Creep factor on this photo's got to be a 7 on a scale of zero to the Detroit Stalker photo. This is the temporary badge that the security company at the Prudential Tower issued me so I could access their premises as a client of the outsourcing company provided to me by Fido. My question is: what kind of security company would allow a person that photographs like this to have intimate access to the second tallest building in Boston? Are these the same people that are keeping the peace over in Iraq? Furthermore, I'm starting to think that I really am this creepy. The camera may put on 10 pounds, but I don't think it's supposed to put on 10 degrees of creepiness. I got an email from a friend I hadn't seen since college yesterday who saw my website and told me I was creepy. When every photo of you makes you look creepy and your friends all tell you that you're creepy, you're a creep. You don't belong here.
While on the subject of security, allow me to say that Americans are cowards. I was going to write a long, well-researched post on the shameful failure of the American people and their elected leaders to be vocally and actively outraged at the illegal, police-state tactics of the Bush Administration in conducting their War on Tara. But the more I built it up to be an exhaustive listing and linking of examples (ala our friends over at annotated rant .com), the more I put it off and the more daunting it became - same mental process that makes it more and more difficult to send my dad his XMas present. Also, it's mostly obvious to anyone who would read VTK. But really, it's so fucking outrageous that it warrants at the very least brief discussion in this forum. And this week brought 2 more obnoxious examples of the Legislative branch's failure to check the out-of-control Executive Branch: First, the House voted to renew the Bill-of-Rights-savaging Patriot Act (initial passing of the Act in the days after 9/11 was almost forgiveable, but to renew it now is ridiculous (Russ Feingold, you are my hero)). Second, ... *stewing in my own anger* ... this from DemocracyNow.org's report yesterday:
Bush, GOP Sens. Reach Eavesdropping Agreement
On Capitol Hill, the Senate Intelligence Committee has voted down a proposal to investigate the Bush administration’s domestic spy program. The vote came after the White House and Republican Senators agreed to new guidelines for the practice of government eavesdropping without court-approved warrants. According to the New York Times, the deal asks the Bush administration to request court warrants only “whenever possible.” The Bush administration would be given a 45 day grace period to spy without court warrants if they felt requesting them would compromise national security. After the 45-day period, the warrantless eavesdropping could then be extended if the attorney general certifies the administration’s stance. In addition, a handful of extra members of Congress would also be briefed on the program’s activities.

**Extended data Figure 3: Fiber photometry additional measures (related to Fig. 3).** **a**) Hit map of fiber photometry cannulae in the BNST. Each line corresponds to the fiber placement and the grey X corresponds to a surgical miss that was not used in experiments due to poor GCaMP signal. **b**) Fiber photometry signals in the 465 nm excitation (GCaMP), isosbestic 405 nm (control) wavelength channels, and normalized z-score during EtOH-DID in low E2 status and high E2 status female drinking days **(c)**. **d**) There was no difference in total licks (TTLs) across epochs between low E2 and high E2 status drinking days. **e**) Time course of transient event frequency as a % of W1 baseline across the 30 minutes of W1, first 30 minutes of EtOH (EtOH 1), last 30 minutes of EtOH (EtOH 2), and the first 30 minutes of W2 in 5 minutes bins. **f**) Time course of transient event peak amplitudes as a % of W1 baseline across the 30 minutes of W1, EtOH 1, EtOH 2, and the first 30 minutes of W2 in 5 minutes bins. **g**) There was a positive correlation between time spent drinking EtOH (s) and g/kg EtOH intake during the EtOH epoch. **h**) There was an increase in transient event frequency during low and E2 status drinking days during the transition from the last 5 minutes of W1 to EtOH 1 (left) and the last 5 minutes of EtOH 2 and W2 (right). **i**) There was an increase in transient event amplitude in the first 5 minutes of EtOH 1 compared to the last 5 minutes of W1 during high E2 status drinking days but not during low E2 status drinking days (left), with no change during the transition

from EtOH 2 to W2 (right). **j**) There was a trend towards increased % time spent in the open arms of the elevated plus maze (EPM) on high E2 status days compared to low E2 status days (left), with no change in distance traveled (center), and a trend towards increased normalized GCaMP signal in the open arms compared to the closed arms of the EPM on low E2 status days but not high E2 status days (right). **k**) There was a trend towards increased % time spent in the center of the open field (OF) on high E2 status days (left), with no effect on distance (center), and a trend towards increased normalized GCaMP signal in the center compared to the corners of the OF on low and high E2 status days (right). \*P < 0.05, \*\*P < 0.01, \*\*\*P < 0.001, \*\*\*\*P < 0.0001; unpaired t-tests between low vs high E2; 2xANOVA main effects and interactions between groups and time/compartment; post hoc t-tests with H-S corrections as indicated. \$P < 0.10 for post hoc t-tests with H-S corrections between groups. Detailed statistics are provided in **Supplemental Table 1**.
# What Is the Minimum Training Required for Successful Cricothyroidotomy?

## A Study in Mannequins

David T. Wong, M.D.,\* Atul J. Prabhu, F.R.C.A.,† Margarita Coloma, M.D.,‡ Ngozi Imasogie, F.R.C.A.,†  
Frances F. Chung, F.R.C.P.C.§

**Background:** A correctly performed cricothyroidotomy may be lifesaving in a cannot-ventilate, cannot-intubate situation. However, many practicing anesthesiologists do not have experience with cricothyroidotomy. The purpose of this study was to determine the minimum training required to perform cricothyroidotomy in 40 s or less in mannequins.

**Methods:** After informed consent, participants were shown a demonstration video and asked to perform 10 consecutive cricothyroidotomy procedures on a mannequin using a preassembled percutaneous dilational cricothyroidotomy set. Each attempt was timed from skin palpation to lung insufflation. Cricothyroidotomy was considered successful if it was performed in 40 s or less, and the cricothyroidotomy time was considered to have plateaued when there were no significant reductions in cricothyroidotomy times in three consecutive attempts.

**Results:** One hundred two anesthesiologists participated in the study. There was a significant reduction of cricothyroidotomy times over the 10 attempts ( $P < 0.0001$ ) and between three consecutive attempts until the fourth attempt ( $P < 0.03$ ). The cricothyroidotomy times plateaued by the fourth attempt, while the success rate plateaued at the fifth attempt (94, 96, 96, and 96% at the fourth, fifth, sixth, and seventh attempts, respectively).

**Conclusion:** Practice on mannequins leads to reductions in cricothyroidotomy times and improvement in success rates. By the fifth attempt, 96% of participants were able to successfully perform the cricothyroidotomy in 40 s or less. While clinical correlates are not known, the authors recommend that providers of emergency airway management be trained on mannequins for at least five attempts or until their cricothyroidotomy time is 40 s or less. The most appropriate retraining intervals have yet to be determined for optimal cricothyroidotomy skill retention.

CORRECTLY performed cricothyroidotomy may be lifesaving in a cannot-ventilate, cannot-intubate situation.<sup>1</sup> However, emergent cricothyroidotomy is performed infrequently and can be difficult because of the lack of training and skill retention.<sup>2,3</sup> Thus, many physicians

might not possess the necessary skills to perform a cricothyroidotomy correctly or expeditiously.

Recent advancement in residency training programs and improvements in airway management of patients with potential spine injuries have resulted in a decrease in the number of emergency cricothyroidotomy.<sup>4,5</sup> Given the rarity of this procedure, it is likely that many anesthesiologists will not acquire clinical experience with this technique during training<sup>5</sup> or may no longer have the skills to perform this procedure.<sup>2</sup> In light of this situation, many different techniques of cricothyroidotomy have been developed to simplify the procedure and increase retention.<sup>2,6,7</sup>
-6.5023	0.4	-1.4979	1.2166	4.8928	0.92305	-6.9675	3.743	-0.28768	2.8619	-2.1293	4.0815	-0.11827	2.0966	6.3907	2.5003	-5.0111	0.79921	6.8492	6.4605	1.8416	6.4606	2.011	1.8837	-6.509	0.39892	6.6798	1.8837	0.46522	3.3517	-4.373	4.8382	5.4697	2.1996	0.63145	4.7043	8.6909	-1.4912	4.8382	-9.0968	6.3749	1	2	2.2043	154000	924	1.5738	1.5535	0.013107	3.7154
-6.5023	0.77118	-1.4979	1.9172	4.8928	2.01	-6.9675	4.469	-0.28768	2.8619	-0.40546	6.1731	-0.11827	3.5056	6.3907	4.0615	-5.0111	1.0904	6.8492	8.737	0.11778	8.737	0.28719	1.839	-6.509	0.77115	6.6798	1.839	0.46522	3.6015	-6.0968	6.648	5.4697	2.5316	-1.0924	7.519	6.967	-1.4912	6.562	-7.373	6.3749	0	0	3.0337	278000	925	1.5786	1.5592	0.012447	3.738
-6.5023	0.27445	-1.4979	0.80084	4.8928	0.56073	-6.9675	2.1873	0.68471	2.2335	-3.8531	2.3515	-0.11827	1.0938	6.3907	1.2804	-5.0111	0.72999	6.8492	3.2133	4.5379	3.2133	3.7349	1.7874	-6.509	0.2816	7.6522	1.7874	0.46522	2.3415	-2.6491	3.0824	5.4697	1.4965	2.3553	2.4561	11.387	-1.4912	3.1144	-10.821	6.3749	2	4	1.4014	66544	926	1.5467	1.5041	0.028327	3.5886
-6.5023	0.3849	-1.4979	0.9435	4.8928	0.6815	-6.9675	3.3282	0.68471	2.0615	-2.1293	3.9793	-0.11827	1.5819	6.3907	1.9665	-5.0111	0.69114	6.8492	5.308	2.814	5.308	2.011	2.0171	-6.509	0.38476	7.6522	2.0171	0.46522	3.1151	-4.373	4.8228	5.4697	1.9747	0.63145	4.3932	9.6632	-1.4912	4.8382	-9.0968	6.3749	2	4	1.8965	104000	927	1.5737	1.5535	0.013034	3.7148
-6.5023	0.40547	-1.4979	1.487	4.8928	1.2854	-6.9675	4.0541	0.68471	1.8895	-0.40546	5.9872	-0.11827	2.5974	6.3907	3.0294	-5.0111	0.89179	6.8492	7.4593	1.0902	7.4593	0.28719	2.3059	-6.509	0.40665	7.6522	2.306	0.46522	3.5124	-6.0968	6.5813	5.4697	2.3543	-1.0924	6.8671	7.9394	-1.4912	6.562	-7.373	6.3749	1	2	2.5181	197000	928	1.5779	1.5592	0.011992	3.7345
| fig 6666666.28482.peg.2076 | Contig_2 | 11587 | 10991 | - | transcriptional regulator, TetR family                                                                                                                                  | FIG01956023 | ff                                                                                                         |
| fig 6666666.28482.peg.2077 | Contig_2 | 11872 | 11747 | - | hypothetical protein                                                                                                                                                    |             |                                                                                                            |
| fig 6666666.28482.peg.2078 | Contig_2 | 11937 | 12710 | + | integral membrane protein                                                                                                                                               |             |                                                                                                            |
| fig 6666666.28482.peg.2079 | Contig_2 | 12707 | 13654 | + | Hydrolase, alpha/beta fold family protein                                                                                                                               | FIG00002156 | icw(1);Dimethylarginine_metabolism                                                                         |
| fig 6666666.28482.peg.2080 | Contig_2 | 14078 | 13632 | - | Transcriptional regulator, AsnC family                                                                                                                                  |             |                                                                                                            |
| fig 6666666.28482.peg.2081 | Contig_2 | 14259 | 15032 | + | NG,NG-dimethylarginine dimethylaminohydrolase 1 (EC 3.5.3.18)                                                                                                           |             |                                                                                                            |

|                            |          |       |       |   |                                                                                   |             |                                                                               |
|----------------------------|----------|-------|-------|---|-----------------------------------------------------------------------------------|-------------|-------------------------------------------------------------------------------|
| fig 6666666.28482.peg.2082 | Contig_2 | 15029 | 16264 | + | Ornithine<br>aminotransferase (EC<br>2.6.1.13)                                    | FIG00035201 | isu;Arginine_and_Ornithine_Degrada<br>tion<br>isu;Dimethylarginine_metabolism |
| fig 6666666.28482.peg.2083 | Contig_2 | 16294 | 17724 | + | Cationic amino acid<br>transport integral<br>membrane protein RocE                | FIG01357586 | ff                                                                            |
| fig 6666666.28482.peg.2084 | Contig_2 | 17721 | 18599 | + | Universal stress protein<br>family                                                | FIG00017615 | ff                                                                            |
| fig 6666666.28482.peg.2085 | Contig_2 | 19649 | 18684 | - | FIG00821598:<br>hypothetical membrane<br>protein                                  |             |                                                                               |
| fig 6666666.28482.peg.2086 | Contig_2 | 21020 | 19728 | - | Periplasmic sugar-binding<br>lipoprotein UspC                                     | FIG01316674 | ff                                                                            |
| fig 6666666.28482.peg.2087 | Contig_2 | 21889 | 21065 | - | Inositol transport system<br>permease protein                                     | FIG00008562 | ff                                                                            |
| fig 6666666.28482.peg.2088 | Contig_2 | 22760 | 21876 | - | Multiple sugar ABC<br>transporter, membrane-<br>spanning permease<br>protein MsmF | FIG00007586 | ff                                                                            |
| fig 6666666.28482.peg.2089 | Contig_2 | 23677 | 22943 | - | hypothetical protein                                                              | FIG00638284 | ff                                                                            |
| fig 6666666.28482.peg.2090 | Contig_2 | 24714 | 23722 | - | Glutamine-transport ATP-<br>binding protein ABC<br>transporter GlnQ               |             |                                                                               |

Fuck you. Cowards. I've got a simple statement of fact for everyone who approves of this total abandonment of the ideals of American civil liberties in the name of security: you're going to die. That's not a threat. That's a fact. You and everyone else on this planet are going to die. Deal with it. To repeat the oft-repeated Ben Franklin quote, "those who would sacrifice liberty for security deserve neither". Get out of my country you fucking cowards. And to the cowards who take solace in the fact that the American people, at the very least, had the pluck and spirit to shut down the TIA program a couple years ago in the interest of good old fashioned American liberty, get a load of this. They're doing it anyways, cowards.
I might have to move to New Hampshire so I can Live Free or Die. What the hell am I doing here? I don't belong here.
[UPDATE: I listened to another edition of Democracy Now! shortly after posting this and thought this quote from Tony Blair in The Observer last week was relevant:
"I don't destroy civil liberties, I protect them ... The question is not one of individual liberty versus the state but of which approach best guarantees most liberty for the largest number of people. In theory, traditional court processes and attitudes to civil liberties could work. But the modern world is different from the world for which these court processes were designed ... If the nature of the threat changes, so should our policies. That is not destroying our liberties, but protecting them."
fuck you, you chicken-shit lapdog.]